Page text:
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Thomas, Lawyer
Category: UK Law
Satisfied Customers: 7617
Experience:  BA (Hons), PgDip, Practising Solicitor
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i inherited two houses in my fathers will one his brother has

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i inherited two houses in my fathers will one his brother has lived in since about 1945 he has never paid any rent and refuses to vacate claiming he should have been provided for in my fathers will which he made about eight years before his death probate was granted 27th july 2012

Does he have a tenancy agreement or other agreement governing his occupation?

Customer: replied 4 years ago.



Thanks for your patience.

You cannot appeal a testator's will, it is their right to execute a will which reflects their wishes.

In the event of your parent's passing away and not providing for your brother then he would usually make claim against the estate under the Inheritance (Provision for Family and Dependent) Act 1976. However, in order to be eligible to do so he must make the application within 6 months of the date of the grant of probate in the estate. This means that he is time-barred from making the application once you reach the 27th of the month. I would do nothing until that date.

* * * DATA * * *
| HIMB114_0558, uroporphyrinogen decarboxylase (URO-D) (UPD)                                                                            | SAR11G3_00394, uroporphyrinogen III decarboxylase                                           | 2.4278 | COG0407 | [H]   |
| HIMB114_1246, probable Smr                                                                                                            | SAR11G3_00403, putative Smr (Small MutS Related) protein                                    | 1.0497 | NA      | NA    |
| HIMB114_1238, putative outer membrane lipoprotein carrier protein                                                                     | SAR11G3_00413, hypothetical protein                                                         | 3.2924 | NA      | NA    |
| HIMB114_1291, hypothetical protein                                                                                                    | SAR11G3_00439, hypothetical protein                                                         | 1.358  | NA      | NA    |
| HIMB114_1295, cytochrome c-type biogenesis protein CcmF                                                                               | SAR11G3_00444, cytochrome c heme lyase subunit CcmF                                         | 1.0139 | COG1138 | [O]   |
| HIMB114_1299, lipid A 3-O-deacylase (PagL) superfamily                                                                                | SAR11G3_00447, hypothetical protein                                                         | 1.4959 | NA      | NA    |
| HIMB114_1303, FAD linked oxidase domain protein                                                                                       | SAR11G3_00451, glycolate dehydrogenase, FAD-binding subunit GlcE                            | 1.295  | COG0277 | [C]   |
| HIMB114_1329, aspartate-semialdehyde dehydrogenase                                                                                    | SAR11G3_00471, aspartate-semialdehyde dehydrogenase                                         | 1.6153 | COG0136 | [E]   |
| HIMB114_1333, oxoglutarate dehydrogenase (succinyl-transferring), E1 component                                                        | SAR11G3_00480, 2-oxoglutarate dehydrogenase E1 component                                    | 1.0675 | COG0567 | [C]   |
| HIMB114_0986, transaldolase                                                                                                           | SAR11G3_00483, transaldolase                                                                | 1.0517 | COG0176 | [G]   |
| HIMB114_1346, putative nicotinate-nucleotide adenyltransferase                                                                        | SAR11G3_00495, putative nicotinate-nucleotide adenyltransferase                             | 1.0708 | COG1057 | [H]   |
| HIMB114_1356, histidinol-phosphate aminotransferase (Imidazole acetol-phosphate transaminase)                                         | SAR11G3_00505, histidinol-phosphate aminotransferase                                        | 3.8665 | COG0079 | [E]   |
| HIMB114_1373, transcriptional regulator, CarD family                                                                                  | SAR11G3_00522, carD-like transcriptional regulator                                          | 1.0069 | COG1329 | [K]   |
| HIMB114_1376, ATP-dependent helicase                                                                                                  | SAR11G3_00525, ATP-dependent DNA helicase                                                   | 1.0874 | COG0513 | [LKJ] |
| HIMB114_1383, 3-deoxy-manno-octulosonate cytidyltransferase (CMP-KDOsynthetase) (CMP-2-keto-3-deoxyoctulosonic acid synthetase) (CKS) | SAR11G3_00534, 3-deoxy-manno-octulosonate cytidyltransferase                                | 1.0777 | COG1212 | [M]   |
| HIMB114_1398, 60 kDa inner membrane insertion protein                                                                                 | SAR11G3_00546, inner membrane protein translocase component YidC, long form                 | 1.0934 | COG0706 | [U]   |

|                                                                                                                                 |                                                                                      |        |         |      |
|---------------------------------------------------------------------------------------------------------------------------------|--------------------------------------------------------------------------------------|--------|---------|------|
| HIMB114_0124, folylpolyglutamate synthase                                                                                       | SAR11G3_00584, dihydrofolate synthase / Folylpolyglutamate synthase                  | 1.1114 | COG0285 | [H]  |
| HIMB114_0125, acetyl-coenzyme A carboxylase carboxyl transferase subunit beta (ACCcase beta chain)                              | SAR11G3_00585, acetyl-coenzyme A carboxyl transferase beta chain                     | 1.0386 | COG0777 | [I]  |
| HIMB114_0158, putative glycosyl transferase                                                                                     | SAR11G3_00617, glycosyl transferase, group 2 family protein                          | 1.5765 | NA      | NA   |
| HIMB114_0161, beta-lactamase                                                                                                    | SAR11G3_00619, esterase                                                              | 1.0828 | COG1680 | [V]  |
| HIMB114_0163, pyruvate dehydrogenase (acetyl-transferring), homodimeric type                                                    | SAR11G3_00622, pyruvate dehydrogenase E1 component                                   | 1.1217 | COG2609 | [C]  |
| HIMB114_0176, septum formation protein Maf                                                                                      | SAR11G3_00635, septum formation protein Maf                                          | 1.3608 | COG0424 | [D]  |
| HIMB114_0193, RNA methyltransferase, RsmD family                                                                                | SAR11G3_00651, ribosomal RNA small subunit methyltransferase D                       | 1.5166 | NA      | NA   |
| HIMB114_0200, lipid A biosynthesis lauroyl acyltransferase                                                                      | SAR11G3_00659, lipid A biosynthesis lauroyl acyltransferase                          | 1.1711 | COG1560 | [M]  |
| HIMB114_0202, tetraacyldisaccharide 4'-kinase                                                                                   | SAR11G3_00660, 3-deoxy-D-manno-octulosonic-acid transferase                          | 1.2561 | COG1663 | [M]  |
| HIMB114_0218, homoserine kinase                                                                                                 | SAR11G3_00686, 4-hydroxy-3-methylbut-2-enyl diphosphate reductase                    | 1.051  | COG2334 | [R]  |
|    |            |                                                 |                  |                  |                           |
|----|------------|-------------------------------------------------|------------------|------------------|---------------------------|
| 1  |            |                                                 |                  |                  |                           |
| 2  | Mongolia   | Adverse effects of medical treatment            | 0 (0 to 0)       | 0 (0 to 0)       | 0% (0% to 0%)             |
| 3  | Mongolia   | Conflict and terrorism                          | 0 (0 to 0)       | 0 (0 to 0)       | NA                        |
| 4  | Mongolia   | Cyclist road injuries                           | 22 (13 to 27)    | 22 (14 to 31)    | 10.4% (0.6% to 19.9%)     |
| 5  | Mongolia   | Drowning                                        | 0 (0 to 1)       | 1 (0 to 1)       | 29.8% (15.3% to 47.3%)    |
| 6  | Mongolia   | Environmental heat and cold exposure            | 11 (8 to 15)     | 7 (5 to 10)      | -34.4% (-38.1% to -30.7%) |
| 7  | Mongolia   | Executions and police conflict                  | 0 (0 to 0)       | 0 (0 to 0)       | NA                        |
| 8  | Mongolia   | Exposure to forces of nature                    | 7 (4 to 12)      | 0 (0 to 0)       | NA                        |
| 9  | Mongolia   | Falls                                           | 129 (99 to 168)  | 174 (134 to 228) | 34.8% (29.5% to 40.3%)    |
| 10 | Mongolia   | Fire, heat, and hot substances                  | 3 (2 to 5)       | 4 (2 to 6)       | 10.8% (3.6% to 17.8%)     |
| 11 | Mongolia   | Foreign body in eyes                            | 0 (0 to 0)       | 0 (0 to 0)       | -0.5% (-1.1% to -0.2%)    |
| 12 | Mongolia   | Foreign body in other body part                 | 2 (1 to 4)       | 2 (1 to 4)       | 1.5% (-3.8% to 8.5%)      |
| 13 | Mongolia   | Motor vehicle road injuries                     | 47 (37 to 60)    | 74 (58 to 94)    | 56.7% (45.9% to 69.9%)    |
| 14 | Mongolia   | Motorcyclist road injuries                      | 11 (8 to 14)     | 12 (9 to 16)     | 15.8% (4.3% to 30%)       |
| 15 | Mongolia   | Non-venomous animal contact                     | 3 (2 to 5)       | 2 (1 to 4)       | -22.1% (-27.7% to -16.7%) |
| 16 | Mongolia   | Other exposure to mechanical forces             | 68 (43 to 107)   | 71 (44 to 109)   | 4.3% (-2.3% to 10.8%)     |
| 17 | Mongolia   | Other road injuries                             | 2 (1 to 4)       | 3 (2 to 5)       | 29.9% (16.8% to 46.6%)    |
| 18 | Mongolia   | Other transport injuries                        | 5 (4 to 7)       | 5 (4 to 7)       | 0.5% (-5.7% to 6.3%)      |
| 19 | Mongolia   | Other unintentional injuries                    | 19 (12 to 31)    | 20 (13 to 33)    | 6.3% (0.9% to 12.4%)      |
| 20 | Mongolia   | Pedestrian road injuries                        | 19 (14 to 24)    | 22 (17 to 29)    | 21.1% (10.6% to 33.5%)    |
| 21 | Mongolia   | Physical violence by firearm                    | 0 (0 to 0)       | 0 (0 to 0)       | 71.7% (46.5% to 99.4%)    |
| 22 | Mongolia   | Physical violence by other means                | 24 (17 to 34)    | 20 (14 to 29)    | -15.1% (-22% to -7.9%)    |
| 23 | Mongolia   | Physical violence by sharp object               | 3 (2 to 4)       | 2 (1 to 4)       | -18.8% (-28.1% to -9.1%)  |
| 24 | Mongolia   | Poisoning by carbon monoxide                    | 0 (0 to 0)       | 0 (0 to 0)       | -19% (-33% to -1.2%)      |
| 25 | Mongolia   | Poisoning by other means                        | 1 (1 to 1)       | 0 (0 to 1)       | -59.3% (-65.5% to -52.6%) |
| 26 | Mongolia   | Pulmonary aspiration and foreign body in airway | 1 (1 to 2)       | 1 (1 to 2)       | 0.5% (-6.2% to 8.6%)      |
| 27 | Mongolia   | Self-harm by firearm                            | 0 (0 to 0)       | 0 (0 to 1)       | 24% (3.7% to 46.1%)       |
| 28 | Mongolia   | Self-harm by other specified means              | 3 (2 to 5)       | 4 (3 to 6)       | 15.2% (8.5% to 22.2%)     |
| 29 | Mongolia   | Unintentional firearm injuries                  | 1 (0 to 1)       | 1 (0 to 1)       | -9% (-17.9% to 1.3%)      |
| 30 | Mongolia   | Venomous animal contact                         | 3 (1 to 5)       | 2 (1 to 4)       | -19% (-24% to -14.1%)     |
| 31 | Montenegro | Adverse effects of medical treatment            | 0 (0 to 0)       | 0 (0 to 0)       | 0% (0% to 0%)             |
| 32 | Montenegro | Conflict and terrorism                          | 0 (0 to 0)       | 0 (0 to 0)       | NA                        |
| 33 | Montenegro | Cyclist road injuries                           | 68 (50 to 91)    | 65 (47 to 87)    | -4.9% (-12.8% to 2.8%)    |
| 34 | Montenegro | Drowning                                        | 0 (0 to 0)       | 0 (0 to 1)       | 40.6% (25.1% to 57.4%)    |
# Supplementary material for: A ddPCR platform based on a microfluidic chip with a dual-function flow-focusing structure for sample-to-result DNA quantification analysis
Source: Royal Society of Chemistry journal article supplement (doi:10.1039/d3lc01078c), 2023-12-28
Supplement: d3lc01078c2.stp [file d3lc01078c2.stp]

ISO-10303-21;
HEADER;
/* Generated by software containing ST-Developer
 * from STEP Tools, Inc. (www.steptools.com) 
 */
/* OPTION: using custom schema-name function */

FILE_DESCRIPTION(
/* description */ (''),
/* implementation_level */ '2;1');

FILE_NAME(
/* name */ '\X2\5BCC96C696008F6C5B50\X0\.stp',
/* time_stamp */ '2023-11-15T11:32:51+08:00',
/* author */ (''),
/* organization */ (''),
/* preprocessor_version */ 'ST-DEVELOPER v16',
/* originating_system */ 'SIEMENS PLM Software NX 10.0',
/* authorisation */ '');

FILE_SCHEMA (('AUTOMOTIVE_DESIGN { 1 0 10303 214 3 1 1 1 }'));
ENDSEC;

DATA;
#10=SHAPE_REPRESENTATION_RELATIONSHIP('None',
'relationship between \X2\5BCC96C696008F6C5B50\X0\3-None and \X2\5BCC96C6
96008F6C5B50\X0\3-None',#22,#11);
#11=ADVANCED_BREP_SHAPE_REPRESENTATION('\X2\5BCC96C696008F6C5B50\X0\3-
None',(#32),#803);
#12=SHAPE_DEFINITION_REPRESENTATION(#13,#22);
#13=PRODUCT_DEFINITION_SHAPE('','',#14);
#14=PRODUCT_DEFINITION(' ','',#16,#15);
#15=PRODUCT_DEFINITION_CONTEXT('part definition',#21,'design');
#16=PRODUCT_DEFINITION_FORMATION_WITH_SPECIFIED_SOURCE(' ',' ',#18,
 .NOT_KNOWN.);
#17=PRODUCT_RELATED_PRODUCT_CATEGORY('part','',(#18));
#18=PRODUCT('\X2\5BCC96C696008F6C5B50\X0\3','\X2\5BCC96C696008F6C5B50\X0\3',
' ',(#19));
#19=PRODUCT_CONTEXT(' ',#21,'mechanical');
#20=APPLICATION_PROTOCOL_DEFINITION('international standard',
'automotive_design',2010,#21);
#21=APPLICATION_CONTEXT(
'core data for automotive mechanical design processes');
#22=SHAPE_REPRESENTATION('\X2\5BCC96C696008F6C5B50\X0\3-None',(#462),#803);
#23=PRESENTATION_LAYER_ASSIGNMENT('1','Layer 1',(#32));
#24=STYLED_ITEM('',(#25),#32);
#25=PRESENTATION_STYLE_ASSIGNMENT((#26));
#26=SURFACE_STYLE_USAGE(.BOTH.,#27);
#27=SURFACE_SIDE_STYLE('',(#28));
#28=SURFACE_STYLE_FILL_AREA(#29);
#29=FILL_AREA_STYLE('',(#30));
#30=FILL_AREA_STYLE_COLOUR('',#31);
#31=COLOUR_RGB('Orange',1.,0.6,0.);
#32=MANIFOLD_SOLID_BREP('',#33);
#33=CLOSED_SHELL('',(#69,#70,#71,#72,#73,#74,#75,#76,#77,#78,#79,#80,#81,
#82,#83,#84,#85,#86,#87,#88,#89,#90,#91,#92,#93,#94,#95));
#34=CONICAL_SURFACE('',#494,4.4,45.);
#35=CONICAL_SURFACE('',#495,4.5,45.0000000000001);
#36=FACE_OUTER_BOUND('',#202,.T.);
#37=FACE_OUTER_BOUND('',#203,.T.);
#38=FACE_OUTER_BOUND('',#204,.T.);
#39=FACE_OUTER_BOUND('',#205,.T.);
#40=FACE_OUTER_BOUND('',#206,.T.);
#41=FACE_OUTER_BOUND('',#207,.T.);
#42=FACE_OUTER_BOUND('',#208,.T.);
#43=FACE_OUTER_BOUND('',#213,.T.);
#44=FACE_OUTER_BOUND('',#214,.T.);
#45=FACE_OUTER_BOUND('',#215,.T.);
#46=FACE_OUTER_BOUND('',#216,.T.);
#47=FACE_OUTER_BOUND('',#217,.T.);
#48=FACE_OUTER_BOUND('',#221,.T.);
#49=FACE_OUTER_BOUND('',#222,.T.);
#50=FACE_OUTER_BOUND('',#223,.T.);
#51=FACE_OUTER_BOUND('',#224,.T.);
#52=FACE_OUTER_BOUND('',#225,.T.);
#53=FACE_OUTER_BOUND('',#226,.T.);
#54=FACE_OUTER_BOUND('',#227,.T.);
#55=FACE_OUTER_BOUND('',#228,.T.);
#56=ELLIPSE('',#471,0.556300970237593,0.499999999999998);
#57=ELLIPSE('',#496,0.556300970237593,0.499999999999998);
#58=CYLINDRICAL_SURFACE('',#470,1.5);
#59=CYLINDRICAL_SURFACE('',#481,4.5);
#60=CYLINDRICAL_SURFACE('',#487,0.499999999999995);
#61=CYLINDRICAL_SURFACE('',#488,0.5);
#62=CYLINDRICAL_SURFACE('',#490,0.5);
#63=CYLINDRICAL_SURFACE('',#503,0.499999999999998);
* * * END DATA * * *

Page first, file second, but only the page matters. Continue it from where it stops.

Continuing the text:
If he issues by this time then you're going to have to litigate. If he doesn't then your position improves enourmously.

If he does not have a written agreement then he does not have many rights. He does have the right to receive reasonable written notice of eviction. “Reasonable” usually depends on the amount of time that they have occupied the property for. I would expect that 3 months notice would probably be sufficient in the circumstances.

If you serve the notice and he does not leave then you can evict him without a Court order (technically) and by instructing bailiffs. However, because the circumstances are quite complicated I would strongly advise instructing a solicitor to serve the notice on him and then apply for a Court Order in any event. Bailiffs can be instructed after you have the Order.

The letter would also effectively invite him to make the claim that he refers to, knowing that he is almost certainly time barried from doing so – effectively calling his bluff.

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Kind regards,

Customer: replied 4 years ago.

Thank you for your reply. However,your reply refers to my brother. It is in fact my fathers brother, therefore my uncle that is in residence. Does this affect your reply.


No, the advice still stands unamended.

Please remember to rate my answer.

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